I’m trying not to be too sarcastic, but I’m glad you’re able to enjoy a potentially meaningless application of this techology while “worrying” about applications that might actually help somebody. Medical technology and other factors have extended our lifespans significantly and the world hasn’t ended; it wouldn’t end if we extended them further.
You don’t know that. Most of the environmental problems we’re facing are ultimately due to overpopulation, and they’re just getting worse. Imagine a few billion more people eating food, driving cars, using plastic. You can be as dismissive as you want but there are great minds - far more studied than you and I - on both sides of the issue.
I know you have a conviction that genes have little to no effect on the mind, but that simply can’t be true when it comes to intelligence, or intelligence wouldn’t be a trait associated with humans.
But eliminating genetic tendencies towards cancer would have little effect on that problem. Even completely eliminating cancer wouldn’t increase lifespan much; it would just mean people die of something else, a few years later at most on average. A worthy goal in itself, considering that cancer is an especially nasty way to die.
Curing cancer would not increase the population by billions, as Der Trihs notes. The nightmarish scenario you predict would only happen if we did something really awful like create a genetic resistance to malaria (without causing sickle cell anemia) or water-borne infections. That’d be terrible.
That one can be answered easily enough. I would not sue, because Dr. Steinberg would make me sign a release of liability before I ordered my baby.
However, I think this question leads to a much larger and more troubling issue. Most people were educated based on the old-fashioned model of genetics and heredity: one gene produces one trait. In recent years, this has shifted to a different understanding of a much more complex relationship between genes and physical traits. A gene may play a role in many traits, and many genes may be necessary to produce a single trait. Given this fact, it’s easy to conceive that meddling with one gene could produce unforeseen effects in other areas. Imagine that Dr. Steinberg puts a gene for height into thousand of babies. Years later, someone discovers that the gene also leads greater risk for heart attacks, but by then thousands of people have already been born with it. It’s too late to make backtrack.
Why do you think this is going to be different from things like childhood vaccines? Those haven’t driven up the population. In fact, areas where the population is growing rapidly today tend to be areas where lots of children die of disease, including the diseases we vaccinate against in the developed world.
Intelligence could be genetic, but governed by a lot of different genes instead of just by one or two genes. That would make it hard to manipulate artificially.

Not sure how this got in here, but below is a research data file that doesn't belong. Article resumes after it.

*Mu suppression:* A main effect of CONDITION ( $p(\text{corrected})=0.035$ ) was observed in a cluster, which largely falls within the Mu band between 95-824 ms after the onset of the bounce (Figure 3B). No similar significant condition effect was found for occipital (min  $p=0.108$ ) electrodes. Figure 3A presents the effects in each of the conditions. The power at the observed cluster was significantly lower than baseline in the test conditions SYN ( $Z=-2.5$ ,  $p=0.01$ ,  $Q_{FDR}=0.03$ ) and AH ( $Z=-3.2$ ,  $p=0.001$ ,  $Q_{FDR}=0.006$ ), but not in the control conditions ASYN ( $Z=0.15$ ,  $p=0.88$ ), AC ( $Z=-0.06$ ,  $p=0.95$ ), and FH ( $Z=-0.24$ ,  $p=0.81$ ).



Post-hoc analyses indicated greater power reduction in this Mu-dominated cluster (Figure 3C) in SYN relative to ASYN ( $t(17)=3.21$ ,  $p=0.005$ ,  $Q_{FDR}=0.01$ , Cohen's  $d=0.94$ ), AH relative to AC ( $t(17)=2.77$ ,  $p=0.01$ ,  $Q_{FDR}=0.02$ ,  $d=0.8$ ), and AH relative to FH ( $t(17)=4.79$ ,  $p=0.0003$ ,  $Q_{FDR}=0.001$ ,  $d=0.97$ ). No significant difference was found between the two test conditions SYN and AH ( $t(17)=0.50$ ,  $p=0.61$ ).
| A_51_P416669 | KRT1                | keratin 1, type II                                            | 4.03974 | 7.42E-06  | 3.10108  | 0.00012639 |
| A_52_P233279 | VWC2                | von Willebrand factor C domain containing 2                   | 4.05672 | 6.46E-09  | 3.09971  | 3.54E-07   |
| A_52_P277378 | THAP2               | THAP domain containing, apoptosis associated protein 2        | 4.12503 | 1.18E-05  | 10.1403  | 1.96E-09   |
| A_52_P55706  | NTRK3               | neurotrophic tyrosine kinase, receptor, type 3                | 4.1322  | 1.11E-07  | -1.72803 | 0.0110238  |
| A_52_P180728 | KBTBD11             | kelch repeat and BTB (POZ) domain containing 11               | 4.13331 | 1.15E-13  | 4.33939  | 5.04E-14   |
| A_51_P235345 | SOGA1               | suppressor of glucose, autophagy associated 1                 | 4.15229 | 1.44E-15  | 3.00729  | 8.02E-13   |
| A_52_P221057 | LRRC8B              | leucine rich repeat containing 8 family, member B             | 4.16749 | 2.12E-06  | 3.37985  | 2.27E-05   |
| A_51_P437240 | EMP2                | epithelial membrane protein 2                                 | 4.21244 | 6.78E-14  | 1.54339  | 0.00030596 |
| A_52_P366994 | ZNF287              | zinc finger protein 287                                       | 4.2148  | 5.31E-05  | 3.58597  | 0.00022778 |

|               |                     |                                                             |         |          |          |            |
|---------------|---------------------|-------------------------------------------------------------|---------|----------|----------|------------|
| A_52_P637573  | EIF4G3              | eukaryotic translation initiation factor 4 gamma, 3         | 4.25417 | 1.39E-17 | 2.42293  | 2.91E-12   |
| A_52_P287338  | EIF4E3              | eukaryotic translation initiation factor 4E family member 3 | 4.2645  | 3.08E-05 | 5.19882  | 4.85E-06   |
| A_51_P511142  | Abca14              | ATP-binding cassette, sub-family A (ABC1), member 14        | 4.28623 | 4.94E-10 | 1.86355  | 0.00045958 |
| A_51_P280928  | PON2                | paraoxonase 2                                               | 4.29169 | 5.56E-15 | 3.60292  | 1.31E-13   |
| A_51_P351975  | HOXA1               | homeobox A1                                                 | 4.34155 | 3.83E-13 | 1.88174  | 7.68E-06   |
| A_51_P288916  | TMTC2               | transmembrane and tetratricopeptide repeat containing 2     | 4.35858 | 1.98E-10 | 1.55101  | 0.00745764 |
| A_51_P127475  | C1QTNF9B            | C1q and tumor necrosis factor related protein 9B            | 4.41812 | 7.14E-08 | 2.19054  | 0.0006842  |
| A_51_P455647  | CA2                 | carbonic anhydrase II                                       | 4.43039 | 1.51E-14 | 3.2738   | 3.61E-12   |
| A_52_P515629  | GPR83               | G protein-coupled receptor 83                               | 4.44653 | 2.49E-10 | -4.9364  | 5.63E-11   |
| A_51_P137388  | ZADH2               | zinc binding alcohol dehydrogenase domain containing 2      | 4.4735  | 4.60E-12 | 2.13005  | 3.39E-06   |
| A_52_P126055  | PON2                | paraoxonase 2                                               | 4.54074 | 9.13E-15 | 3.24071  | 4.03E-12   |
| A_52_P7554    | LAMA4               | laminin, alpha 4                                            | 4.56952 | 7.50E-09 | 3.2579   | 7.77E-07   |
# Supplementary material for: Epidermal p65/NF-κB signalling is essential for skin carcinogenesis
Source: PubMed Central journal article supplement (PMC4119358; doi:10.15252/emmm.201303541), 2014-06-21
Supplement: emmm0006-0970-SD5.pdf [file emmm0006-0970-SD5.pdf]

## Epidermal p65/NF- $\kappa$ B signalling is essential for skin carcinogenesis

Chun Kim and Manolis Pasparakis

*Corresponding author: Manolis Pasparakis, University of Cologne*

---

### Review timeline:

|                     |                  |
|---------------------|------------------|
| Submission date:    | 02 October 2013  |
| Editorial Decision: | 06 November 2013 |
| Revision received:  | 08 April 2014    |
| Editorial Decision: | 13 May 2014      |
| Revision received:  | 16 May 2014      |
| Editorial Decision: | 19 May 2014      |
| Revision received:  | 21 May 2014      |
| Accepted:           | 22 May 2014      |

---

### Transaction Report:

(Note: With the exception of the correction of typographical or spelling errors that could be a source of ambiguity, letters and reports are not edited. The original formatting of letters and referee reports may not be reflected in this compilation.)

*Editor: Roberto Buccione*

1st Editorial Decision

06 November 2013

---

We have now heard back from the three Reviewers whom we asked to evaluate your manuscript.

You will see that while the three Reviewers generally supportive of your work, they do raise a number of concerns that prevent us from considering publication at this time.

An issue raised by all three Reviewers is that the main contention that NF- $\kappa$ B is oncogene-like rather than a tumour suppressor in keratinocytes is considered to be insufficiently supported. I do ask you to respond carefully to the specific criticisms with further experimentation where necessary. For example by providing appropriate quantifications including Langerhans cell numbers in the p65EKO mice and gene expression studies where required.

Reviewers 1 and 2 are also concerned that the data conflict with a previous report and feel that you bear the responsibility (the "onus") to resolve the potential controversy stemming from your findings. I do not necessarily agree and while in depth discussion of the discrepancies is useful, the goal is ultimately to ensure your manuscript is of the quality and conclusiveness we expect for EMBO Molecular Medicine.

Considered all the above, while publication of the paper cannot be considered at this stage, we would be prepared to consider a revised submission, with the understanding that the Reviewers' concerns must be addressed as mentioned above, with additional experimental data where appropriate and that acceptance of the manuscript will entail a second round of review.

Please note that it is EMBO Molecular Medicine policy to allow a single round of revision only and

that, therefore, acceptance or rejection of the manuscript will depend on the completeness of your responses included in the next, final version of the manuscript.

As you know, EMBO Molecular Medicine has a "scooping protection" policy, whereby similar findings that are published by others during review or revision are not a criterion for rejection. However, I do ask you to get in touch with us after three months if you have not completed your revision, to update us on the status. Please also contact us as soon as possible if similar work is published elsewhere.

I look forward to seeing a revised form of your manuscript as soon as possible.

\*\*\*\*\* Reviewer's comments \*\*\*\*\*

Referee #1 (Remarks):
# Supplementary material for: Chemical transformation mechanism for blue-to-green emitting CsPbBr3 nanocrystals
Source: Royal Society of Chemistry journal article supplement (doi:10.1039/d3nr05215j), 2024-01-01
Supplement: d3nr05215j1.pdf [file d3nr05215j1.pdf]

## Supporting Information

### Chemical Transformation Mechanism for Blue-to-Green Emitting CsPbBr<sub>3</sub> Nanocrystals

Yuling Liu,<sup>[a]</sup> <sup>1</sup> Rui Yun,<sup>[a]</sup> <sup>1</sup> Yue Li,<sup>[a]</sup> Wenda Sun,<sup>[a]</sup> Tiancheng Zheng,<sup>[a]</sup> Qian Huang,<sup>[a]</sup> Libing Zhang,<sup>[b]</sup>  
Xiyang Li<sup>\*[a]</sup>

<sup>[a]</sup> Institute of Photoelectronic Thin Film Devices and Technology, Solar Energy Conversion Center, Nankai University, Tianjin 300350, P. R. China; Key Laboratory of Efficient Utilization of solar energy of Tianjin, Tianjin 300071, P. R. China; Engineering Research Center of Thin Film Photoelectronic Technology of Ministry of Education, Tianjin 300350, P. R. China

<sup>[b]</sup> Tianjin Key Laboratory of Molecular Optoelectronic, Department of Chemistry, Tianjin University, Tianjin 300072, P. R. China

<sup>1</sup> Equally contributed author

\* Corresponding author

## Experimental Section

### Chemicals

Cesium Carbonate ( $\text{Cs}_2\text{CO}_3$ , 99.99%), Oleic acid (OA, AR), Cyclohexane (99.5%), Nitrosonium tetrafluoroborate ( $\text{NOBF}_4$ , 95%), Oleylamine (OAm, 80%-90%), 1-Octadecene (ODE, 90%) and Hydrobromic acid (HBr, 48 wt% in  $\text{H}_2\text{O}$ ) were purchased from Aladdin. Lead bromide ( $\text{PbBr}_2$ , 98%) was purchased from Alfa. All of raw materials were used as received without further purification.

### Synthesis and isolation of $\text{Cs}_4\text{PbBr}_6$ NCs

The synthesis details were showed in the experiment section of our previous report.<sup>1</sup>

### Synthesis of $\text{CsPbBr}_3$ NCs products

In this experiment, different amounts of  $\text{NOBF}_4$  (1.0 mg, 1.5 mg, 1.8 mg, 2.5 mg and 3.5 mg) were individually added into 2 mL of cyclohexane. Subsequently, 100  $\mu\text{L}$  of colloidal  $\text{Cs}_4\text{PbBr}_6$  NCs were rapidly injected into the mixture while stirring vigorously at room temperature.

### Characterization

I don’t even think it would happen then. The people who are dying of those diseases today are not the ones who are going to be having designer babies. Even if they were, when most societies get to the point where most children are likely to survive to adulthood, birth rates go down.
This is not really an example of “designer babies”. This is genetic analysis of embryos and rejection of some embryos based on whatever criteria the parents think important.
So you can’t choose to have a blond-haired blue-eyed athletic genius musical extroverted boy unless one of the embryos created via in vitro fertilization turns out to have those characteristics. This is the equivalent of looking at a dozen or so potential children that you might have had through normal reproduction, and selecting one or two that seem good to you. Since most embryos are either boys or girls, it is trivial to select for sex. But you can’t select for blond hair unless both the sperm donor and the egg donor have the genes for blond hair. And so on.
The main use of this technique will be to select out embryos where both the sperm donor and egg donor are carriers for one or more genetic diseases. Left to traditional reproduction any child they created would have a 1 in 4 chance of expressing the genetic disease. This technique can eliminate that, and even ensure that the child will not be a carrier for the disease.
This will not lead to a society where the rich will create genetically superior babies while the rest of us fall behind, unless in the future rich people decide to reproduce exclusively through in vitro fertilization. Going through this procedure just so little Noah and Madison will have blond hair and blue eyes seems pretty stupid, and it would only work if the parents are carriers anyway.
Again, this procedure doesn’t introduce any novel genes, it is simply a way to discard potential children before they are implanted. It doesn’t create a superior baby, it merely removes ones that don’t match the parent’s goals. If you have 12 frozen embryos you could use this technique to get the pick of the litter, but that’s it. This is not genetic engineering, in fact it’s a way to get some of the benefits of genetic engineering (creating babies free of genetic disease) without any manipulation of genes.